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The center alliance of President Emmanuel Macron is on track to lose its absolute majority in Parliament this Sunday, given the progress of the left-wing front and, above all, the spectacular rise of the extreme right in the legislative elections.

Source: AFP

The Alliance Together! de Macron would obtain between 200 and 260 seats in the National Assembly (lower house), followed by the New Popular Ecological and Social Union (Nupes, left) between 150 and 200 and the National Group (extreme right), from 60 to 100, according to the first projections.

“If these results are confirmed, they are far from what we expected. (…) An unprecedented situation is developing in political and parliamentary life, which will require us to overcome our certainties, our divisions,” said Minister Gabriel Attal.

Although negotiation is common in most democracies, in the absence of an absolute majority in Parliament, it can become a headache for the ruling party, accustomed to the steamroller, to carry out its liberal program.

To reach the 289 seats of the absolute majority, the Republican Party (right) and its UDI allies (45 to 80 seats) could become key for the centrist president. Its leaders already advanced on Thursday that they will make a “useful opposition.”

The left posed the elections as a “third round” of the presidential election, considering that the French re-elected Macron on April 24 to prevent his far-right rival Marine Le Pen from coming to power, and not because of his ideas.

Although the president loses his absolute majority, the first left-wing front in 25 years – radical left, environmentalists, communists and socialists – remains far from its goal of winning and imposing Jean-Luc Mélenchon as prime minister.

“It is a totally unexpected situation, unprecedented, the defeat of the presidential party is total and no majority appears,” Mélenchon assured his supporters, who accused the ruling party of having reinforced the extreme right.

The far-right RN party, although it is in third position, is one of the main winners of the elections, far exceeding the 8 deputies of 2017 and thus managing to form its own parliamentary group for the first time since 1986.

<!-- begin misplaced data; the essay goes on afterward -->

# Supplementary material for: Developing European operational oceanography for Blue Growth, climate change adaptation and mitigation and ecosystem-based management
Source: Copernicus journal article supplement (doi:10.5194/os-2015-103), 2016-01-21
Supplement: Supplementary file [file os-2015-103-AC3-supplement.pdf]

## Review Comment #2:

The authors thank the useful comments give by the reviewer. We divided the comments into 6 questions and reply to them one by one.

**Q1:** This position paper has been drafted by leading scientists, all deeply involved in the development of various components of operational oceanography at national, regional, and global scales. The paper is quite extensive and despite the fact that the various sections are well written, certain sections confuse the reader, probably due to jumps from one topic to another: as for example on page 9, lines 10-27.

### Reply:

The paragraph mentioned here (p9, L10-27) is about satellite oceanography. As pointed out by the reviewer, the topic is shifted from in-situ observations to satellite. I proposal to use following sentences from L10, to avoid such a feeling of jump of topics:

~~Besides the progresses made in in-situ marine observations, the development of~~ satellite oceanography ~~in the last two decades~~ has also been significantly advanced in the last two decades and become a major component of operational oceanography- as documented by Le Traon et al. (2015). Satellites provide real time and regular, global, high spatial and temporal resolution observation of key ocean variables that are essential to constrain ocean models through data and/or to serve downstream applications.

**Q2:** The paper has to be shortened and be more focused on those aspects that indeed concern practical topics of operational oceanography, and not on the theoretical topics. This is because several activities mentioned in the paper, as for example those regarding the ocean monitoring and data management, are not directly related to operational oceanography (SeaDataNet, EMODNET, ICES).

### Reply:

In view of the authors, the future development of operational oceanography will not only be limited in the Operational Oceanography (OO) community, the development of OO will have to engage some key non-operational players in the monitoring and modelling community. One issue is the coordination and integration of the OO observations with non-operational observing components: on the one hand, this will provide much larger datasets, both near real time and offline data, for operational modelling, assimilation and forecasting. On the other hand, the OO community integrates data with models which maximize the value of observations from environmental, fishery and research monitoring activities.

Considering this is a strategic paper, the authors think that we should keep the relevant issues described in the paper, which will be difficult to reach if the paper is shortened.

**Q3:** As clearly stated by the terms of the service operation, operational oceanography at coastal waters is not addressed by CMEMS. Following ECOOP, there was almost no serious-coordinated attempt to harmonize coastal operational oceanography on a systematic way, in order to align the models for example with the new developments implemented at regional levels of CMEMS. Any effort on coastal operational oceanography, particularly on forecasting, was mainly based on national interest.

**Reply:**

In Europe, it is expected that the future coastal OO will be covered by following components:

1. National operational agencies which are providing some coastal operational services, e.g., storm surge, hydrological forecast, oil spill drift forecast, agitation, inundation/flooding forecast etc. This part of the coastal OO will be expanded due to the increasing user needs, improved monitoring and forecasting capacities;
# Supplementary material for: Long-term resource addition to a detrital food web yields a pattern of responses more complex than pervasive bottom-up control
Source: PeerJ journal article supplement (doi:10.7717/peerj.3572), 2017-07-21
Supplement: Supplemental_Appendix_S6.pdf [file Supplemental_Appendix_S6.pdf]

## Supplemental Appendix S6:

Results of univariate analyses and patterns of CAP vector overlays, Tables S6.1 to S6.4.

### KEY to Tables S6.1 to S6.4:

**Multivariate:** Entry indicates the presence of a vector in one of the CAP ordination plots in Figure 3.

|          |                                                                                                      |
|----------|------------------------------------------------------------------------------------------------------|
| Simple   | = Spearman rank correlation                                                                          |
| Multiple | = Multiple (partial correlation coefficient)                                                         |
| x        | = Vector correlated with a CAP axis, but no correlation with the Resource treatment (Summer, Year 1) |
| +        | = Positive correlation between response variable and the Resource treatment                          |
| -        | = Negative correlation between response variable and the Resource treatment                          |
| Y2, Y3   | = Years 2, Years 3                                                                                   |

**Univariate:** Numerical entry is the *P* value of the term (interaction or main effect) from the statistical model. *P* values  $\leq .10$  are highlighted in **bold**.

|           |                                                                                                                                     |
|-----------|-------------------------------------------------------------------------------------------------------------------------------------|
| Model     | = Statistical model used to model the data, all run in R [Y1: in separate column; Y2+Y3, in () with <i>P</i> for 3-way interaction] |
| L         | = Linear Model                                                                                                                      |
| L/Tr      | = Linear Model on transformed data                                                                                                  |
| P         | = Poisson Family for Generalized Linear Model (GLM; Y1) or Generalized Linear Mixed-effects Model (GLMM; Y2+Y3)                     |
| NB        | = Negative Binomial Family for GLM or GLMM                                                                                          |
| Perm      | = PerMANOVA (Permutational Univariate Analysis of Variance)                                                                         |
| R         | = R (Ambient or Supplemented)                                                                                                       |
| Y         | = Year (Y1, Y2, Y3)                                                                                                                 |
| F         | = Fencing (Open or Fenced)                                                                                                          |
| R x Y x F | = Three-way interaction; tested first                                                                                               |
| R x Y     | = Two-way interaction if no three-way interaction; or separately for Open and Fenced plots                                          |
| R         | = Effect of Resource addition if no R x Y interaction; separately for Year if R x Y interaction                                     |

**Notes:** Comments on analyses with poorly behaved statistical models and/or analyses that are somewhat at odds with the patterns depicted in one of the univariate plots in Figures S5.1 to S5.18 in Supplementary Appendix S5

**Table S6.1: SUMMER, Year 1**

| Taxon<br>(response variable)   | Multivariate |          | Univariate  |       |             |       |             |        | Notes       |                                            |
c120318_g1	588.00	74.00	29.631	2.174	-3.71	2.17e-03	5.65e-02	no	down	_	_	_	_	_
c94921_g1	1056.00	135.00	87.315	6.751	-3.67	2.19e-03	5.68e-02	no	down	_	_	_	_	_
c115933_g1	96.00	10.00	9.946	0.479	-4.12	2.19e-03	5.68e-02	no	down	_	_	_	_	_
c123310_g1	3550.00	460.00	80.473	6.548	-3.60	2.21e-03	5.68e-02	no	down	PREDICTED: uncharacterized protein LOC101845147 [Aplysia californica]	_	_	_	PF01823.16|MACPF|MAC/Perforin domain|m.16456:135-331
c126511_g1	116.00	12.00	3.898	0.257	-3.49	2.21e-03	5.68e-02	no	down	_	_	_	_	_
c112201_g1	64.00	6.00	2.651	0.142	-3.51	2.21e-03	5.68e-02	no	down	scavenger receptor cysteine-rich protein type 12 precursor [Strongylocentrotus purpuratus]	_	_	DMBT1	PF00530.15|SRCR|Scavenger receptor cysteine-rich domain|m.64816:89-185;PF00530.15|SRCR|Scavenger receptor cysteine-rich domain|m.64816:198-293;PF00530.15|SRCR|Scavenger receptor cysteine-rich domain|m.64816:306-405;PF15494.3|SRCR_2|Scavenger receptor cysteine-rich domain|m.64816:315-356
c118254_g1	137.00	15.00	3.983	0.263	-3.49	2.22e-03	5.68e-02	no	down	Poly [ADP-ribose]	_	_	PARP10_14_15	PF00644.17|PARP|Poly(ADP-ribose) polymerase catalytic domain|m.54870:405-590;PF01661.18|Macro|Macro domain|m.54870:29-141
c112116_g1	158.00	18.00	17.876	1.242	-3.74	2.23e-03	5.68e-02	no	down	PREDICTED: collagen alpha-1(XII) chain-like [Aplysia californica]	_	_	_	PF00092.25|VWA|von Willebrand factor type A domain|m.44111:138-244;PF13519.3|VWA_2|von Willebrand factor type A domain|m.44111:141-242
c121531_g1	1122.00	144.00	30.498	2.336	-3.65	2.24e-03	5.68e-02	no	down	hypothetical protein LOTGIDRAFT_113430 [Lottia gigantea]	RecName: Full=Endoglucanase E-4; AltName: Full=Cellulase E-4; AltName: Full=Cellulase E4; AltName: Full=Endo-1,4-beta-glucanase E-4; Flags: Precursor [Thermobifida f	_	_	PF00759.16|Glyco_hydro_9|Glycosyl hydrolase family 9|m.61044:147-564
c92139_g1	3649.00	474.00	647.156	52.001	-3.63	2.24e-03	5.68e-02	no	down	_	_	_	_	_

“We will embody a firm opposition, without collusion, responsible, respectful of the institutions,” Le Pen said from his stronghold in Hénin-Beaumont (north), where he revalidated his seat, congratulating himself on having made Macron a “minority president”.

Participation was key in the second round, but, according to the Ministry of the Interior, 53.08% of the 48.7 million French called to the polls did not go to vote.


After a first term marked by social protests against his policy towards the popular classes, the coronavirus pandemic and the effects of the war in Ukraine, the second term looks complicated for Macron.

“It is an almost impossible majority that will need (…) a turn towards the LR and possibly towards a dozen non-Nupes socialists”, according to Étienne Ollion, an expert at the CNRS, for whom this could lead to a “reparliamentation of political life”.

The vote closes a crucial election cycle for France’s course over the next five years. The next electoral appointment will be the elections to the European Parliament in 2024, two years in which the parties will be able to settle the ongoing recomposition.

The emergence of the centrist Macron in 2017 shook the French political board, which is now divided into three main blocs – radical left, center and extreme right – leaving aside the traditional government parties.

In the final stretch of the campaign, Macron’s alliance warned of the chaos that would entail having to govern with a simple majority and, above all, of the “danger” that the arrival of the leftist front to power would entail.

If he fails to approve his star reforms, such as the unpopular delay in the retirement age from 62 to 65, the president could dissolve the Assembly early and call new elections, as the socialist president François Mitterrand (1981-1995) already did in 1988 .

For members of the French government who were running for a seat, the elections represented a double challenge, because they will have to resign if they lose, according to an unwritten rule. Health Minister Brigitte Bourguignon is in that case.

The setback against Macron is also reflected in the defeat of the main leaders of his movement, such as the current president of the National Assembly, Richard Ferrand, or the president of his parliamentary group, Christophe Castaner.

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